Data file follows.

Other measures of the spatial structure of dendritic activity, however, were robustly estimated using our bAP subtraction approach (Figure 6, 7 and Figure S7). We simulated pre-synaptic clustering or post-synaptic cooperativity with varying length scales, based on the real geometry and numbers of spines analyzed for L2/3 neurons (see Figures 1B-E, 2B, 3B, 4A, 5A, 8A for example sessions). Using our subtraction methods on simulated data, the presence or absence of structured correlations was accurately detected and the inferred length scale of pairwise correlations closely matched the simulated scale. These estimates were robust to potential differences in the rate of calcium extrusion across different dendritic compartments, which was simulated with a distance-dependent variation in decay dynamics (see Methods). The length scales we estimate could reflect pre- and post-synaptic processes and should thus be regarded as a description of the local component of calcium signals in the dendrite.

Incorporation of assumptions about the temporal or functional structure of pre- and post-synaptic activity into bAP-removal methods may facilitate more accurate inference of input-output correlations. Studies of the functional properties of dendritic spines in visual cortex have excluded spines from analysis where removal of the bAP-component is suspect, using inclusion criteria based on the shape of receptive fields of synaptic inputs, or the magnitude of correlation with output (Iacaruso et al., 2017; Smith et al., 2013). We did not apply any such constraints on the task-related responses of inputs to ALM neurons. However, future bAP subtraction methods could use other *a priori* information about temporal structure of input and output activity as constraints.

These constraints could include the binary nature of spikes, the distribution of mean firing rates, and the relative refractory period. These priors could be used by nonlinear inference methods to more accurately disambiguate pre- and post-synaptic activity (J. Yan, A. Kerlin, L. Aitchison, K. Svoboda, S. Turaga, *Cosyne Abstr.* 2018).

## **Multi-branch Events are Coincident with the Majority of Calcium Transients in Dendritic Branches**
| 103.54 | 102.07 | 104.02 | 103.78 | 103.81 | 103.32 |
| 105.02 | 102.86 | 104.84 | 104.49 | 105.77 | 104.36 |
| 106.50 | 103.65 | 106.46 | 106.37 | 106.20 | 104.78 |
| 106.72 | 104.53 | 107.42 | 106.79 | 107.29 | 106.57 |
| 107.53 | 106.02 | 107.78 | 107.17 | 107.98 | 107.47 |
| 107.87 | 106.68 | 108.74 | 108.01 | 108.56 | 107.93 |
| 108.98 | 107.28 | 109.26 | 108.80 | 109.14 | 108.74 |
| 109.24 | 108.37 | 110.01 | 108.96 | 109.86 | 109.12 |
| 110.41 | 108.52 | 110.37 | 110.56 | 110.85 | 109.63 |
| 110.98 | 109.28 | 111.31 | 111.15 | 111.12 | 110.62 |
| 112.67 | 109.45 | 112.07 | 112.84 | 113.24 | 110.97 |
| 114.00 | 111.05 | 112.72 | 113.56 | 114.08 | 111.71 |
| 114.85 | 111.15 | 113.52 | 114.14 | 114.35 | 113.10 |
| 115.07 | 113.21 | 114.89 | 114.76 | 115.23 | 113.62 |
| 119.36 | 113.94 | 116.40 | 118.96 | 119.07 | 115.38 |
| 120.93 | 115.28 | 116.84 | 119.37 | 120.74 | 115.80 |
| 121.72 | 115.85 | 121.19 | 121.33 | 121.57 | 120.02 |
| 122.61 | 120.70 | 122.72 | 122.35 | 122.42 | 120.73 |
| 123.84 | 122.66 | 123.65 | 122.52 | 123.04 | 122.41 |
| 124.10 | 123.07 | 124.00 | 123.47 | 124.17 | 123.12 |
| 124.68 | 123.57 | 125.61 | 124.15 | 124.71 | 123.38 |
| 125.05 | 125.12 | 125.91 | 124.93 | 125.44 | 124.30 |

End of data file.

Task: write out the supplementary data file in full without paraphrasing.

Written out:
Other measures of the spatial structure of dendritic activity, however, were robustly estimated using our bAP subtraction approach (Figure 6, 7 and Figure S7). We simulated pre-synaptic clustering or post-synaptic cooperativity with varying length scales, based on the real geometry and numbers of spines analyzed for L2/3 neurons (see Figures 1B-E, 2B, 3B, 4A, 5A, 8A for example sessions). Using our subtraction methods on simulated data, the presence or absence of structured correlations was accurately detected and the inferred length scale of pairwise correlations closely matched the simulated scale. These estimates were robust to potential differences in the rate of calcium extrusion across different dendritic compartments, which was simulated with a distance-dependent variation in decay dynamics (see Methods). The length scales we estimate could reflect pre- and post-synaptic processes and should thus be regarded as a description of the local component of calcium signals in the dendrite.

Incorporation of assumptions about the temporal or functional structure of pre- and post-synaptic activity into bAP-removal methods may facilitate more accurate inference of input-output correlations. Studies of the functional properties of dendritic spines in visual cortex have excluded spines from analysis where removal of the bAP-component is suspect, using inclusion criteria based on the shape of receptive fields of synaptic inputs, or the magnitude of correlation with output (Iacaruso et al., 2017; Smith et al., 2013). We did not apply any such constraints on the task-related responses of inputs to ALM neurons. However, future bAP subtraction methods could use other *a priori* information about temporal structure of input and output activity as constraints.

These constraints could include the binary nature of spikes, the distribution of mean firing rates, and the relative refractory period. These priors could be used by nonlinear inference methods to more accurately disambiguate pre- and post-synaptic activity (J. Yan, A. Kerlin, L. Aitchison, K. Svoboda, S. Turaga, *Cosyne Abstr.* 2018).

## **Multi-branch Events are Coincident with the Majority of Calcium Transients in Dendritic Branches**
| 103.54 | 102.07 | 104.02 | 103.78 | 103.81 | 103.32 |
| 105.02 | 102.86 | 104.84 | 104.49 | 105.77 | 104.36 |
| 106.50 | 103.65 | 106.46 | 106.37 | 106.20 | 104.78 |
| 106.72 | 104.53 | 107.42 | 106.79 | 107.29 | 106.57 |
| 107.53 | 106.02 | 107.78 | 107.17 | 107.98 | 107.47 |
| 107.87 | 106.68 | 108.74 | 108.01 | 108.56 | 107.93 |
| 108.98 | 107.28 | 109.26 | 108.80 | 109.14 | 108.74 |
| 109.24 | 108.37 | 110.01 | 108.96 | 109.86 | 109.12 |
| 110.41 | 108.52 | 110.37 | 110.56 | 110.85 | 109.63 |
| 110.98 | 109.28 | 111.31 | 111.15 | 111.12 | 110.62 |
| 112.67 | 109.45 | 112.07 | 112.84 | 113.24 | 110.97 |
| 114.00 | 111.05 | 112.72 | 113.56 | 114.08 | 111.71 |
| 114.85 | 111.15 | 113.52 | 114.14 | 114.35 | 113.10 |
| 115.07 | 113.21 | 114.89 | 114.76 | 115.23 | 113.62 |
| 119.36 | 113.94 | 116.40 | 118.96 | 119.07 | 115.38 |
| 120.93 | 115.28 | 116.84 | 119.37 | 120.74 | 115.80 |
| 121.72 | 115.85 | 121.19 | 121.33 | 121.57 | 120.02 |
| 122.61 | 120.70 | 122.72 | 122.35 | 122.42 | 120.73 |
| 123.84 | 122.66 | 123.65 | 122.52 | 123.04 | 122.41 |
| 124.10 | 123.07 | 124.00 | 123.47 | 124.17 | 123.12 |
| 124.68 | 123.57 | 125.61 | 124.15 | 124.71 | 123.38 |
| 125.05 | 125.12 | 125.91 | 124.93 | 125.44 | 124.30 |